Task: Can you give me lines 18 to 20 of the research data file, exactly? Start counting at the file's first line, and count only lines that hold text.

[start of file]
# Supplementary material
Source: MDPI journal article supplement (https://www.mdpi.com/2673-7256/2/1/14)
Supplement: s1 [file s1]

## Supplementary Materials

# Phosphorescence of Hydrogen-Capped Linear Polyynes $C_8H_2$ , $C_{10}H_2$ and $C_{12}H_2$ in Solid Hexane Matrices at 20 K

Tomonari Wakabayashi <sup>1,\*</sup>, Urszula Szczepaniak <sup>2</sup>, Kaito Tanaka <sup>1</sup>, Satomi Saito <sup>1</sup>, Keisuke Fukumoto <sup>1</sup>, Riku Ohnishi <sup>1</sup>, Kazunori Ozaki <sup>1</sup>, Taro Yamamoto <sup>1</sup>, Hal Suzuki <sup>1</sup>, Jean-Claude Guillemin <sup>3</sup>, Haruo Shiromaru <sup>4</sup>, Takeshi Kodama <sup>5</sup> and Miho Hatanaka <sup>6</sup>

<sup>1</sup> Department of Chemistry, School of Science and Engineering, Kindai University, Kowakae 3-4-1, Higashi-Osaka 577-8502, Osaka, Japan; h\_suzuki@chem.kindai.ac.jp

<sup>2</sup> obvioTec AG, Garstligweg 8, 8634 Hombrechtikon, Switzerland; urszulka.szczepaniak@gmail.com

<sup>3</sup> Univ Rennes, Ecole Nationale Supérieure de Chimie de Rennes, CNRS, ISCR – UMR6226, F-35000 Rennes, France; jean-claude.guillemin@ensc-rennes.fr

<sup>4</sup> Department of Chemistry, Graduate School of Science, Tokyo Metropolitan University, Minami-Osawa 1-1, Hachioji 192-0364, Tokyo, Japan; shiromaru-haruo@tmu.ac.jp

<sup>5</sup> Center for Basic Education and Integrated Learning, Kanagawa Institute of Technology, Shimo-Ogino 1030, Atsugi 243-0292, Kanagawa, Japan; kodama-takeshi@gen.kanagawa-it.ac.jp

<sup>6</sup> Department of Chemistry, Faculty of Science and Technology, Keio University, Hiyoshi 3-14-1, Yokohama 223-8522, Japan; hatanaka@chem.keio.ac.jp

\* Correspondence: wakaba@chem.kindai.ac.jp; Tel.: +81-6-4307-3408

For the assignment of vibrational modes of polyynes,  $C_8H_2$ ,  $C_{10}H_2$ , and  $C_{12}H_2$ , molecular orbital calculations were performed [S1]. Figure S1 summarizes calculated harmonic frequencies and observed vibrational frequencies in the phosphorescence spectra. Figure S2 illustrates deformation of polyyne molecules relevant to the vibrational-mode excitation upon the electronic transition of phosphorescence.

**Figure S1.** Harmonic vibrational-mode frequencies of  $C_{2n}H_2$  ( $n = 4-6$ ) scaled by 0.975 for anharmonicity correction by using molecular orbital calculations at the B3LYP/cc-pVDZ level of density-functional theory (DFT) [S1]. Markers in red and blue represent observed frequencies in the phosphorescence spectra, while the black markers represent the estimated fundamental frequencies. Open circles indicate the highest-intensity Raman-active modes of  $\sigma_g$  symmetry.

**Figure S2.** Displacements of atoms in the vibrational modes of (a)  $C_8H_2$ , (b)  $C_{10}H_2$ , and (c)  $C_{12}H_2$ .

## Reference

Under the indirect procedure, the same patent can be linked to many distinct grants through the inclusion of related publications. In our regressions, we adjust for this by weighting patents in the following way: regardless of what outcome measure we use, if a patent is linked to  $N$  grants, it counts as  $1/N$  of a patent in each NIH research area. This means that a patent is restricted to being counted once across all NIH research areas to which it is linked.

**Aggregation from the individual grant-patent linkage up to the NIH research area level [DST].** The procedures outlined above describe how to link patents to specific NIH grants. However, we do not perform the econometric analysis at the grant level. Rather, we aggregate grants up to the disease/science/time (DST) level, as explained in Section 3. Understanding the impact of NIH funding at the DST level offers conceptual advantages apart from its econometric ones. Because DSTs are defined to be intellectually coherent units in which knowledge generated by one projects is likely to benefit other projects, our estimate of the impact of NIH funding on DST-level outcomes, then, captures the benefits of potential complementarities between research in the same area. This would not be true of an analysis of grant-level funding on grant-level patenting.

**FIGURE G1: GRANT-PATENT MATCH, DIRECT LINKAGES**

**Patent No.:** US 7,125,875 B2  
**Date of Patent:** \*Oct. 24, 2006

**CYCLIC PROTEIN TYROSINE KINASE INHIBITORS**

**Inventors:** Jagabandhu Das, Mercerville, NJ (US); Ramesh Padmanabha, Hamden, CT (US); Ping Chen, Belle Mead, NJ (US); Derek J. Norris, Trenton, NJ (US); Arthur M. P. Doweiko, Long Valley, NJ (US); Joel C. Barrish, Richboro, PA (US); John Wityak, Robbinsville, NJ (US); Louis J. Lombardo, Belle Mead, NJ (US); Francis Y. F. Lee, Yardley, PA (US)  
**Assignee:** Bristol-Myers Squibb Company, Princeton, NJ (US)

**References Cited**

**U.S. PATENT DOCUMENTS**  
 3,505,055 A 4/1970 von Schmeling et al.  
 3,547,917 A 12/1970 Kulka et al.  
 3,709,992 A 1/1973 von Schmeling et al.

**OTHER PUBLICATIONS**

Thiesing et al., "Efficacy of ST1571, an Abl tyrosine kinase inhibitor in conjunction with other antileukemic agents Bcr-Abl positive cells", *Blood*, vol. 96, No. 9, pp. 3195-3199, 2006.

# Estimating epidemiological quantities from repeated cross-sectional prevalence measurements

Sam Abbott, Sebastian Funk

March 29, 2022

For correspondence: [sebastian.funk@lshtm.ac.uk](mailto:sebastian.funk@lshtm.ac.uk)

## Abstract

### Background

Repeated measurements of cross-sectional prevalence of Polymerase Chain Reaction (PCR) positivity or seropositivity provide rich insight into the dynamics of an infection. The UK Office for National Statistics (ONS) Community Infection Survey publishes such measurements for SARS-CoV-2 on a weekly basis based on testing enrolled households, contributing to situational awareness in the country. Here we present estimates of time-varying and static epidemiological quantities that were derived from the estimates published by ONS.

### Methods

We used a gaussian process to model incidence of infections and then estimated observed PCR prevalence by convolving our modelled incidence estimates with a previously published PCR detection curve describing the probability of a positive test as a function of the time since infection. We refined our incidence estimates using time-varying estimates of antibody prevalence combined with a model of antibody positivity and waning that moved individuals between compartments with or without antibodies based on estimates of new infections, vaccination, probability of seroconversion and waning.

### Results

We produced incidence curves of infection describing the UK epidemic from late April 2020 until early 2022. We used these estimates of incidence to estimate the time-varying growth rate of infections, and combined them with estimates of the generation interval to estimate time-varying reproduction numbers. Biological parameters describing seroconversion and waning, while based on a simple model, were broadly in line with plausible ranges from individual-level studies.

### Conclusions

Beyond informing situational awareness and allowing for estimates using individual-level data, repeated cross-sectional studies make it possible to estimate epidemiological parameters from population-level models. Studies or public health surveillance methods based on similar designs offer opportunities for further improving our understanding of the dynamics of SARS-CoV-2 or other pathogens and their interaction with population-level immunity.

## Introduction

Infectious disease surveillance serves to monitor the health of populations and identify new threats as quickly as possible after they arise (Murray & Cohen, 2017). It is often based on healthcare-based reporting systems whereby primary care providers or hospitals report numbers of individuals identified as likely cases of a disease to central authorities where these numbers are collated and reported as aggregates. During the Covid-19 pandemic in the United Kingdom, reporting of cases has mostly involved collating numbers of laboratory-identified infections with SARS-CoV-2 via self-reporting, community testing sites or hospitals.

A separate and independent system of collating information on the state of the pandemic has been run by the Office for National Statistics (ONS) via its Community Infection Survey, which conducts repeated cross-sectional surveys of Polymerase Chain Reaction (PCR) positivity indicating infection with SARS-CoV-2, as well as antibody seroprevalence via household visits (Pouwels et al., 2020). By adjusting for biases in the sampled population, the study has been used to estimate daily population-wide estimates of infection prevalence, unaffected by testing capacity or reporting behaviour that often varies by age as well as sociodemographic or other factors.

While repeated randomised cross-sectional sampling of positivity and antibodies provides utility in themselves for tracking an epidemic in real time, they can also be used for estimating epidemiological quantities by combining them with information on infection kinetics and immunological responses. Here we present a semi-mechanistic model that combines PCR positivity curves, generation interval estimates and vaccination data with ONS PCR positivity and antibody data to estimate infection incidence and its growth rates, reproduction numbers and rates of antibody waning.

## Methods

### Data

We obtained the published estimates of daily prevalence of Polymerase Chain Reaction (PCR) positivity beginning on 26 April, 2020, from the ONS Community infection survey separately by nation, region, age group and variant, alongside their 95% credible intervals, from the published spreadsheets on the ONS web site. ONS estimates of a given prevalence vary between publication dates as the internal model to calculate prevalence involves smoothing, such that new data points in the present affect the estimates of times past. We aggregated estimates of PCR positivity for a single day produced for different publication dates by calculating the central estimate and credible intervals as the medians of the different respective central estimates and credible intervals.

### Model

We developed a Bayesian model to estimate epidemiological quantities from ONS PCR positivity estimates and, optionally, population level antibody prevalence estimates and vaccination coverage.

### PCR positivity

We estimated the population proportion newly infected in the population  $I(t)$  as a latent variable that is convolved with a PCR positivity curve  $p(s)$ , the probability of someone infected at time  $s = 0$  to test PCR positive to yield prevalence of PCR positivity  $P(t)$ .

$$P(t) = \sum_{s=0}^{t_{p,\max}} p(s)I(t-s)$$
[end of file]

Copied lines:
Under the indirect procedure, the same patent can be linked to many distinct grants through the inclusion of related publications. In our regressions, we adjust for this by weighting patents in the following way: regardless of what outcome measure we use, if a patent is linked to  $N$  grants, it counts as  $1/N$  of a patent in each NIH research area. This means that a patent is restricted to being counted once across all NIH research areas to which it is linked.

**Aggregation from the individual grant-patent linkage up to the NIH research area level [DST].** The procedures outlined above describe how to link patents to specific NIH grants. However, we do not perform the econometric analysis at the grant level. Rather, we aggregate grants up to the disease/science/time (DST) level, as explained in Section 3. Understanding the impact of NIH funding at the DST level offers conceptual advantages apart from its econometric ones. Because DSTs are defined to be intellectually coherent units in which knowledge generated by one projects is likely to benefit other projects, our estimate of the impact of NIH funding on DST-level outcomes, then, captures the benefits of potential complementarities between research in the same area. This would not be true of an analysis of grant-level funding on grant-level patenting.

**FIGURE G1: GRANT-PATENT MATCH, DIRECT LINKAGES**